Missouri House members were asked this week to consider whether Missouri should continue to have a death penalty.
Missouri reinstated the death penalty in 1977 and currently uses lethal injection to carry out executions. It most recently executed Mark Christeson on January 31 for the murders in 1998 of Susan Brouk and her children, ages 9 and 12.
Clay County Republican T.J. Berry offered an amendment that would have repealed Missouri’s capital punishment statute. It would make life without the possibility of parole Missouri’s maximum sentence.
Berry said he favored the death penalty when he first took office in 2011, but said after looking at it objectively he no longer supports it.
“I don’t think that there’s any way that we can defend it any longer,” Berry told his fellow lawmakers.
Berry cited three reasons he wants to end the death penalty in Missouri: people who are sentenced by courts are sometimes exonerated; it costs the state less to incarcerate a person for life than to sentence that person to death and respond to appeals through the life of the case; and it takes years for a death sentence to be carried out, extending the time victims’ families must deal with offenders’ cases.
St. Charles Republican Kathie Conway disagreed with Berry’s reasoning and his proposal.
Regarding exonerations, she believes DNA evidence and repeated reviews by multiple courts on appeals leave little doubt as to the veracity of modern death penalty cases.
“We very rarely make that mistake again,” said Conway of exonerations.
House Democratic leader Gail McCann Beatty supports repeal. She agreed with another point Berry made; that some victims’ families don’t want the death penalty for those who harmed their loved ones. She told the chamber she believed this even though her brother and two nephews have been murdered.
“At no time have I ever thought that I wanted the death penalty for the people who did it,” said McCann Beatty through tears. “My brother was murdered by a friend of his that he grew up with. I don’t see the point in making that family suffer. They shared the pain that I did. There is no point. It doesn’t bring them back.”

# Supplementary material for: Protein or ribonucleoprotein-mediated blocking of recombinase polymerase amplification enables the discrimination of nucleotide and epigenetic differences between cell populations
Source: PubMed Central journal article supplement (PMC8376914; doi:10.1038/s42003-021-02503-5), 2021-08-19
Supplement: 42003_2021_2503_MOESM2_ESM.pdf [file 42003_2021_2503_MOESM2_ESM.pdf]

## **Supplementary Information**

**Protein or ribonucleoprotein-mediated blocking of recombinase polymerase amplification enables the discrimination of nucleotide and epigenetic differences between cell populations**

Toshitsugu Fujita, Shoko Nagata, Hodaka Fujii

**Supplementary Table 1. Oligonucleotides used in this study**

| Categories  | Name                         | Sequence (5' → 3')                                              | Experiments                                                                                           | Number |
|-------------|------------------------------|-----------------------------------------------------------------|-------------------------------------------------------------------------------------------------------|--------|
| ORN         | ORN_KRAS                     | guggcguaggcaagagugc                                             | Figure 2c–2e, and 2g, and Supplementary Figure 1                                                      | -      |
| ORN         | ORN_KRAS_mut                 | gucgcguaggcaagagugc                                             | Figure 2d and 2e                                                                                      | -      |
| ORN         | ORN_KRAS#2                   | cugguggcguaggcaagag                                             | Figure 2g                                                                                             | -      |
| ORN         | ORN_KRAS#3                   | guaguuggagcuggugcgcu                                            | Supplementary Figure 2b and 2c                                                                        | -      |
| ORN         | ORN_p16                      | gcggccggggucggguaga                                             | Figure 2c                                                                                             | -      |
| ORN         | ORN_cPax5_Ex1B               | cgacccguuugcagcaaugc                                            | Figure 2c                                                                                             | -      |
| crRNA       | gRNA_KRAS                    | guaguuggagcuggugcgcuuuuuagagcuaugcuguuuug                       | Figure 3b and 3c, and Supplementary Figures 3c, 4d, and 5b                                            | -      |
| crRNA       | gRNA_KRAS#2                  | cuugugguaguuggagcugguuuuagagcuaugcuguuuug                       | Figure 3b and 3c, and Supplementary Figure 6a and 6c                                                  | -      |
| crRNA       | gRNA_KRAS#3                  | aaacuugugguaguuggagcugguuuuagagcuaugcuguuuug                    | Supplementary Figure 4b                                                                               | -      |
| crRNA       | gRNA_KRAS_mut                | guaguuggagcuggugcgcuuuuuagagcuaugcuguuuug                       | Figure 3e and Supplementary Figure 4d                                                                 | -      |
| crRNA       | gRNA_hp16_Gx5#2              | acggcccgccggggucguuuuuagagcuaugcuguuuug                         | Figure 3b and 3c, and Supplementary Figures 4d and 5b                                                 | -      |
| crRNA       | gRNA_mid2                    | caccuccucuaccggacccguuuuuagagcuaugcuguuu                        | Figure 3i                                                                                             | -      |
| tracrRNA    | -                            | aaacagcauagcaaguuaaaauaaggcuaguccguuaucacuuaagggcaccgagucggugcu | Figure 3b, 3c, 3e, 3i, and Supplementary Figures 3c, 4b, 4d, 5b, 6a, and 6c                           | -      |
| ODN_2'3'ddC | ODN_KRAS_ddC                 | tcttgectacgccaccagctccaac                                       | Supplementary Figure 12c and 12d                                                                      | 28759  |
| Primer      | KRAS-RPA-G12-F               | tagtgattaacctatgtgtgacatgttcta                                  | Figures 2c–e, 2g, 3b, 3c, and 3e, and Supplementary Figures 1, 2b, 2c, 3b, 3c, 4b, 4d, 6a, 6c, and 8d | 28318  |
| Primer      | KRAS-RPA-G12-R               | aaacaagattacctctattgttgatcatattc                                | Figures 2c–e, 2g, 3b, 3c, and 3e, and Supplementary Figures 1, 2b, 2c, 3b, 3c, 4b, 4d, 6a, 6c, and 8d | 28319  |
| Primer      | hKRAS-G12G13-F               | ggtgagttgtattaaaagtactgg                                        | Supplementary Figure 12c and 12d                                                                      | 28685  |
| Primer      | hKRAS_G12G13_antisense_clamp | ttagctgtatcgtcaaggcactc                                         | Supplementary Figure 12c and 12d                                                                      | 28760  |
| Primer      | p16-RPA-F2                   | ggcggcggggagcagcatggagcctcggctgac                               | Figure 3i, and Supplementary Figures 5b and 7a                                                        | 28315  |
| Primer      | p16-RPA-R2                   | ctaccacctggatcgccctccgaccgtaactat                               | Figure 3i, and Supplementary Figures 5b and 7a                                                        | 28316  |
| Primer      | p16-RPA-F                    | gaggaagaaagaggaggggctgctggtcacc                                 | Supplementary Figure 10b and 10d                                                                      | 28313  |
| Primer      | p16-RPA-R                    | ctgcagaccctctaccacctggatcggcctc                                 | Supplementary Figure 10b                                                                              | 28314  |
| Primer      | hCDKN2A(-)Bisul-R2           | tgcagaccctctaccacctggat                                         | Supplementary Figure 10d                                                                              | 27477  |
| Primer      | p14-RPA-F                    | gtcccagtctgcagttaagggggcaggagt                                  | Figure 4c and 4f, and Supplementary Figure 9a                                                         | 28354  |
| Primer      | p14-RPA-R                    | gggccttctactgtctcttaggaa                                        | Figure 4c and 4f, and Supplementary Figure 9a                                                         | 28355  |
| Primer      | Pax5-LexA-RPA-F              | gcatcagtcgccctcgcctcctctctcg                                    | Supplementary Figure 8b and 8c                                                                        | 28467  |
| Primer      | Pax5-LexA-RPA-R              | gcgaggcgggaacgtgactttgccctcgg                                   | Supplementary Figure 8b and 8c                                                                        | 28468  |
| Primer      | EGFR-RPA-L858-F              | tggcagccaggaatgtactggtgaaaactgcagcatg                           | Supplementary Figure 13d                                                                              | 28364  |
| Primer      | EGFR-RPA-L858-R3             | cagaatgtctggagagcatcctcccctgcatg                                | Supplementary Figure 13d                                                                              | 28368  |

Republican Paul Fitzwater (Potosi) told Berry he still supports the death penalty even though one of his best friends was sentenced to death and executed for murdering a couple in 1993.
“I attended his funeral the following Friday after that and it was tough on me, but it didn’t deter how I feel about the death penalty,” said Fitzwater. “I can just imagine if someone would kill one of my children or my parents or someone. I hear people get up there and say, ‘Well, you know, I can forgive him.’ I’m not sure I could ever do that.”
Conway also told Berry she doesn’t favor replacing the death penalty with a life without parole sentence, because efforts have been made in the legislature to allow some offenders with such a sentence to be paroled when old age or terminal illness is a factor.
“That’s a compact that we make with the jury. Here’s the law. This person will not be paroled, period, end of sentence, and we were going to change that. So I don’t trust going forward that that might not be the case again,” said Conway.
Berry withdrew the amendment, saying he hadn’t expected it to pass but he wanted legislators to have a conversation about the issue and give it some thought.
Berry, who is in the first year of his final term, hopes that future legislatures’ attitudes will shift more toward ending the death penalty in Missouri.